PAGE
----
Mamoun’s may be cheap, but it’s nowhere near the cheapest place in town. That distinction goes to the northern Chinese dumpling stalls that have been popping up lately. Closer to the East Village than Mott Street, FRIED DUMPLING (99 Allen Street, 212-941-9975) encourages you to dine well for less than $5 per person. A quintet of savory pork dumplings fried on one side and steamed on the other costs a mere $1, and a cup of sweet-and-sour soup, rife with cloud ear mushrooms and lily bulbs, is an additional $1.50. Still hungry? Tuck into one of the sandwiches of aromatic dried beef with pickled vegetables on homemade sesame bread ($2).
This list of inexpensive and excellent eats would be incomplete without including one of the city’s venerable pizza parlors, which collectively count as one of our greatest culinary treasures. Besides his own restaurant on Spring Street, founded in 1905, Lombardi’s immediate dynasty includes Totonno in Coney Island, John’s on Bleecker Street, and Patsy’s in East Harlem. Nephew and Patsy’s veteran Patsy Grimaldi started his own parlor only a decade ago in Fulton Ferry, Brooklyn, and it rapidly rose to be one of New York’s best pizza joints. The toppings are perhaps a bit more lush, the crust a little more thick and flavorful than the austere Lombardi’s style, but that’s just fine with the patrons who throng GRIMALDI’S (19 Old Fulton Street, Brooklyn, 718-858-4300) every weekend and evening. Go at weekday lunch if you want to relax.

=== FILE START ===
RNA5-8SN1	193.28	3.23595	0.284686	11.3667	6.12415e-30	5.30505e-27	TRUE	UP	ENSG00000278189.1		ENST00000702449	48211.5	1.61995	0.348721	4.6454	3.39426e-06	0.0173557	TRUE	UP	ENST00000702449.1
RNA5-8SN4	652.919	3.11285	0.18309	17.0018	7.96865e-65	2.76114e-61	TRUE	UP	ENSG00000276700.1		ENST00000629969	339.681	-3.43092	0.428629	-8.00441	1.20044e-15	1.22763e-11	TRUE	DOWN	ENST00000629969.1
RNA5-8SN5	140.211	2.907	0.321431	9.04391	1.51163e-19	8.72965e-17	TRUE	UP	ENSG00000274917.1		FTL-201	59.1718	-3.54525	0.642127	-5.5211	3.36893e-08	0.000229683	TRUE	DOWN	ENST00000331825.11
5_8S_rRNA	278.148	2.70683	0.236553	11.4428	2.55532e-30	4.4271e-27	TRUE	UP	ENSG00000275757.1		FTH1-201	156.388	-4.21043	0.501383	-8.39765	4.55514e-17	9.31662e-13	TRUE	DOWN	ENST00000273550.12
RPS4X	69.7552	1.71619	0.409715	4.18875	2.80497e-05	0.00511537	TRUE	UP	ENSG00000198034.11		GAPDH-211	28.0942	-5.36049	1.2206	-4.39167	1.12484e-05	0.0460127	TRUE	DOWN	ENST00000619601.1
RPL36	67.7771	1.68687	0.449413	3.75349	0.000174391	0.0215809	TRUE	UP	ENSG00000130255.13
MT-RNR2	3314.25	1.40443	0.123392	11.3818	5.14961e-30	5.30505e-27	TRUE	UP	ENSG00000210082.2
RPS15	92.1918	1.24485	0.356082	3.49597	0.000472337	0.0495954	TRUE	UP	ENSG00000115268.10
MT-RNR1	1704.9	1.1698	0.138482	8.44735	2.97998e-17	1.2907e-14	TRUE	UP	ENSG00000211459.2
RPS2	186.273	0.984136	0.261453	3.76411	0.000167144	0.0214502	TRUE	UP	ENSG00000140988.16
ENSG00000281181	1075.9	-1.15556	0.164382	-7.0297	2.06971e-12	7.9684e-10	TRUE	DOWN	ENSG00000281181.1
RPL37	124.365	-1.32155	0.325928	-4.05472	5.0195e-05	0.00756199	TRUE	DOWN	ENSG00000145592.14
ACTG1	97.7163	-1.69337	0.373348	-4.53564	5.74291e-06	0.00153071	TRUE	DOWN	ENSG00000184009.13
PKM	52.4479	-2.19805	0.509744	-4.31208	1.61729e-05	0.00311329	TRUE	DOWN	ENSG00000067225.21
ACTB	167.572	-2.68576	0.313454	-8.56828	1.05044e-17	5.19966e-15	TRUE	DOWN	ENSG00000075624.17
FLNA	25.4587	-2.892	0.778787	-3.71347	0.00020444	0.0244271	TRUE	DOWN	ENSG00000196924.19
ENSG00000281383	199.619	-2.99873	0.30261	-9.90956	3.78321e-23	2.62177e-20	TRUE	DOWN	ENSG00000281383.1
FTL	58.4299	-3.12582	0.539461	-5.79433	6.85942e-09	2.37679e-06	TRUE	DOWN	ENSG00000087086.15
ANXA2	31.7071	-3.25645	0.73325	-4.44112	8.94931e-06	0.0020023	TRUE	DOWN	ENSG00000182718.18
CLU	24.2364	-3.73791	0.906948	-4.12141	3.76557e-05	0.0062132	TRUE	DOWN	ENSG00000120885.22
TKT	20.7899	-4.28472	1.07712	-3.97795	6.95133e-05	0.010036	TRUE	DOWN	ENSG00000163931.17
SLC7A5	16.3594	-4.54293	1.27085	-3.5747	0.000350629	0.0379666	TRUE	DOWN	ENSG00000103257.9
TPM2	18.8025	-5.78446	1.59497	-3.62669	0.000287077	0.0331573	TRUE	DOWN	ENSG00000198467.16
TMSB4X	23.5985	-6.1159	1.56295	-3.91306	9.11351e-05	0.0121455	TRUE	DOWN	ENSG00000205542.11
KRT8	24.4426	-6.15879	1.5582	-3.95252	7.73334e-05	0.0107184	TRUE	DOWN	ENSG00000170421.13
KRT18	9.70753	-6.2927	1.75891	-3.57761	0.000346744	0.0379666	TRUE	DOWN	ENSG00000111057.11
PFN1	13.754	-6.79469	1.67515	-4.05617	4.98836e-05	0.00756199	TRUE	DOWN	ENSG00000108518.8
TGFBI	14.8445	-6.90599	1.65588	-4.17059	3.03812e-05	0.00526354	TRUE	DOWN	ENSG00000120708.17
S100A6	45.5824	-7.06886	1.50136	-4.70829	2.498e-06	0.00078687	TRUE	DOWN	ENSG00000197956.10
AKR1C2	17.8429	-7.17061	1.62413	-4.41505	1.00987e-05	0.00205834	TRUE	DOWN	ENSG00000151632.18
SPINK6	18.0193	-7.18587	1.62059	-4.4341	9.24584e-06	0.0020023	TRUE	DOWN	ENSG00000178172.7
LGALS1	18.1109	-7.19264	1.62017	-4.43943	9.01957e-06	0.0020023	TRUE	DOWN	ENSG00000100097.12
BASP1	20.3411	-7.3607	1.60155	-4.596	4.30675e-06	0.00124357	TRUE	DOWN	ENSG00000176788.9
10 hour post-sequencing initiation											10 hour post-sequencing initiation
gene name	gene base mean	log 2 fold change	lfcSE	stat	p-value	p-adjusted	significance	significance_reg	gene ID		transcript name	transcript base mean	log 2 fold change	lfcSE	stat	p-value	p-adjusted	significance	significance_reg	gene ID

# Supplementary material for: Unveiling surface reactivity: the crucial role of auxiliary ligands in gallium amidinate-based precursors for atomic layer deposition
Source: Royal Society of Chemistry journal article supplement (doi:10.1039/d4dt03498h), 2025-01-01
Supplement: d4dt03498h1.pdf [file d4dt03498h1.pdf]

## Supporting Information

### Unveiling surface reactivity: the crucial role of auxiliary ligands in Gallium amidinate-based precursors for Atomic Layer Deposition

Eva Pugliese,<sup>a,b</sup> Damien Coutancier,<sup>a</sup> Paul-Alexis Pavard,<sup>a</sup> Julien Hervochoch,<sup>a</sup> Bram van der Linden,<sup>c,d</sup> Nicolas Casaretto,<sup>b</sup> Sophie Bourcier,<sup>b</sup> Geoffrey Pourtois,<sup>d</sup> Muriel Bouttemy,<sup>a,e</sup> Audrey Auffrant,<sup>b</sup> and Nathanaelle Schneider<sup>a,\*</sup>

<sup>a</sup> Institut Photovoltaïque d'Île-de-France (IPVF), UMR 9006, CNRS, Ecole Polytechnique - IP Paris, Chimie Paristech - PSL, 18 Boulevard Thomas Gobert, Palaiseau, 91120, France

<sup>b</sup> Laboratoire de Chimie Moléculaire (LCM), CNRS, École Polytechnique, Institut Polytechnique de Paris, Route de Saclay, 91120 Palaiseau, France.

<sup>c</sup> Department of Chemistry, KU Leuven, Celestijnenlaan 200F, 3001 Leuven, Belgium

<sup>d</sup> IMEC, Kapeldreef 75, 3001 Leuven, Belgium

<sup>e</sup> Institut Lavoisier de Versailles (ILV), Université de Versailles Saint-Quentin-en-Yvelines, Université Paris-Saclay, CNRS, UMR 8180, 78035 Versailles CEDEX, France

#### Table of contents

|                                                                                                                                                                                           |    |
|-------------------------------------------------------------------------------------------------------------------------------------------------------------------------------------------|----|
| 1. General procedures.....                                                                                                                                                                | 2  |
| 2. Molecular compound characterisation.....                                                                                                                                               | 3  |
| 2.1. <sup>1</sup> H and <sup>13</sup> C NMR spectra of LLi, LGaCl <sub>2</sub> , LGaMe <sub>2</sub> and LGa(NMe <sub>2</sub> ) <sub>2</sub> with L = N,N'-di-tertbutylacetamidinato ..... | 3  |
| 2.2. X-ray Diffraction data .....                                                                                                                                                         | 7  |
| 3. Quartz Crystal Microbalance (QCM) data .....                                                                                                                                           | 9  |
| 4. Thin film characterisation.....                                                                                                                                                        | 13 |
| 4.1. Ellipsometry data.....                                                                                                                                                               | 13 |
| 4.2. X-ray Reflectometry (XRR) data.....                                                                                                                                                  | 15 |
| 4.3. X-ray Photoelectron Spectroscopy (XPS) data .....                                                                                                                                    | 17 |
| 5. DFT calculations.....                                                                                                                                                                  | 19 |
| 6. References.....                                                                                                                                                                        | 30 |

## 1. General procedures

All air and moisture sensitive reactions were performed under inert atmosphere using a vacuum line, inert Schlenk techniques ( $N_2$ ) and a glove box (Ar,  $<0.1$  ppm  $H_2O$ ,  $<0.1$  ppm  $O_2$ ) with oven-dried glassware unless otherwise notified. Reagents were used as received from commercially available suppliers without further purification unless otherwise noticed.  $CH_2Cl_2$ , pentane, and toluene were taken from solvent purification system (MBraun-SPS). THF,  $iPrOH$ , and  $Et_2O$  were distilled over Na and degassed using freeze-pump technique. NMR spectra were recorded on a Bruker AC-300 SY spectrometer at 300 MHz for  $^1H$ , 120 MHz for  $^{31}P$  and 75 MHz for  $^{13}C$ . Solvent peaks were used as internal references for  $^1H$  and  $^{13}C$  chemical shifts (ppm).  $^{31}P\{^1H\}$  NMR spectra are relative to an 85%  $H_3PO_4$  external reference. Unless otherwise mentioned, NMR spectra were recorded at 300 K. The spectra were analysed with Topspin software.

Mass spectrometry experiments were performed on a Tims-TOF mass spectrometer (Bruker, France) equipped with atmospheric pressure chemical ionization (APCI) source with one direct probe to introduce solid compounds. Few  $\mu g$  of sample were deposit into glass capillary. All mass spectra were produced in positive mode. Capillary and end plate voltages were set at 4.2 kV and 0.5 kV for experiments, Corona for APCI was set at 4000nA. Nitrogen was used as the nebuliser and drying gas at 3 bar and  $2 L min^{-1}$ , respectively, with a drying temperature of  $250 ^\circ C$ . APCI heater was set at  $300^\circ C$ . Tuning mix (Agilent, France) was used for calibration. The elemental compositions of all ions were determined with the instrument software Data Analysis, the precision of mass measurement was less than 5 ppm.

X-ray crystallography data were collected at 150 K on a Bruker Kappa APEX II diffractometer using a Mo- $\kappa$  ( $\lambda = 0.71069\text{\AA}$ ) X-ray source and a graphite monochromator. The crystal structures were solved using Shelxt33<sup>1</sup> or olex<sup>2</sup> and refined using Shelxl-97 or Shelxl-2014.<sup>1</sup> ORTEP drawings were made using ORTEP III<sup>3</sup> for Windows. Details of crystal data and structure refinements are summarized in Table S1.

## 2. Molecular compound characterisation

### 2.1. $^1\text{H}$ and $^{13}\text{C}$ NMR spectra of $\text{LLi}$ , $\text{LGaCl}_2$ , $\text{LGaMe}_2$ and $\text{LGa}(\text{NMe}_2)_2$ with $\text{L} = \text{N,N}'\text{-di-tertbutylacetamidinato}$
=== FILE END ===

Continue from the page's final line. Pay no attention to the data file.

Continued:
The East Village plays host to more types of ethnic food than one can easily enumerate, and the selection runs from Indonesian to Israeli to Greek to Australian. Now we even have an Australian ice cream parlor. But closest to the food of Middle America, and bedrock of cheap dining in the neighborhood, are the sainted Polish and Ukrainian places, which were here before piercings became de rigueur and every third person carried a guitar case. Even though TERESA’S (103 First Avenue, 212-228-0604) is slightly upscale as far as this cuisine goes, a pair of veal cutlets sided with potatoes and green beans, or a plate of butter-soaked pierogi for two, will set you back less than $25.
Like a Brooklyn Italian hero shop on steroids, MANGANARO’S HEROBOY (494 Ninth Avenue, 212-947-7325) which made its reputation peddling six-foot heroes to midtown office parties—has swollen to include a mile-long serving line and a pair of spacious dining rooms. The heart of the menu remains the massive hot and cold heroes, rather than the pastas and single-plate meals that have been added to the menu as an afterthought. Dig the chewy veal parmesan hero, the breaded cutlets nearly eclipsed by their mantle of cheese, or the off-the-menu “Mile High Special,” which heaps on the cheese and cold cuts, then knocks the flavor into orbit with pickled red peppers.